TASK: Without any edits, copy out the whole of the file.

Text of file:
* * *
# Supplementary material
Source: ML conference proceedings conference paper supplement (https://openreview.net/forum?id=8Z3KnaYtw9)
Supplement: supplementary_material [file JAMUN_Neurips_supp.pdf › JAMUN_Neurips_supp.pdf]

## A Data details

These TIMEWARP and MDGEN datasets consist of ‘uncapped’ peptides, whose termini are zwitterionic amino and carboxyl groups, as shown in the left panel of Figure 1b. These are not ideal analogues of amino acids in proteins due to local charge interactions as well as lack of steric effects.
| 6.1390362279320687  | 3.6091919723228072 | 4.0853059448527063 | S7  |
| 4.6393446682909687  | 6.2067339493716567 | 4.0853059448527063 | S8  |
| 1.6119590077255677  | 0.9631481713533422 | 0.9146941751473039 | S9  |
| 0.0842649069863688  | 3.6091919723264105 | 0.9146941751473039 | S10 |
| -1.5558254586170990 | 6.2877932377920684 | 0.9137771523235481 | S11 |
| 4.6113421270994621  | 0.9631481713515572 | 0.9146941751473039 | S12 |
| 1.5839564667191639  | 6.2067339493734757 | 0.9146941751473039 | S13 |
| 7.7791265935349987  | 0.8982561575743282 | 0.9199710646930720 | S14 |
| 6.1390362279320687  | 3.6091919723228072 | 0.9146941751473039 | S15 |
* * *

# Supplementary material
Source: ML conference proceedings conference paper supplement (https://openreview.net/forum?id=8Z3KnaYtw9)
Supplement: supplementary_material [file JAMUN_Neurips_supp.pdf › JAMUN_Neurips_supp.pdf]

## A Data details

These TIMEWARP and MDGEN datasets consist of ‘uncapped’ peptides, whose termini are zwitterionic amino and carboxyl groups, as shown in the left panel of Figure 1b. These are not ideal analogues of amino acids in proteins due to local charge interactions as well as lack of steric effects.
| 6.1390362279320687  | 3.6091919723228072 | 4.0853059448527063 | S7  |
| 4.6393446682909687  | 6.2067339493716567 | 4.0853059448527063 | S8  |
| 1.6119590077255677  | 0.9631481713533422 | 0.9146941751473039 | S9  |
| 0.0842649069863688  | 3.6091919723264105 | 0.9146941751473039 | S10 |
| -1.5558254586170990 | 6.2877932377920684 | 0.9137771523235481 | S11 |
| 4.6113421270994621  | 0.9631481713515572 | 0.9146941751473039 | S12 |
| 1.5839564667191639  | 6.2067339493734757 | 0.9146941751473039 | S13 |
| 7.7791265935349987  | 0.8982561575743282 | 0.9199710646930720 | S14 |
| 6.1390362279320687  | 3.6091919723228072 | 0.9146941751473039 | S15 |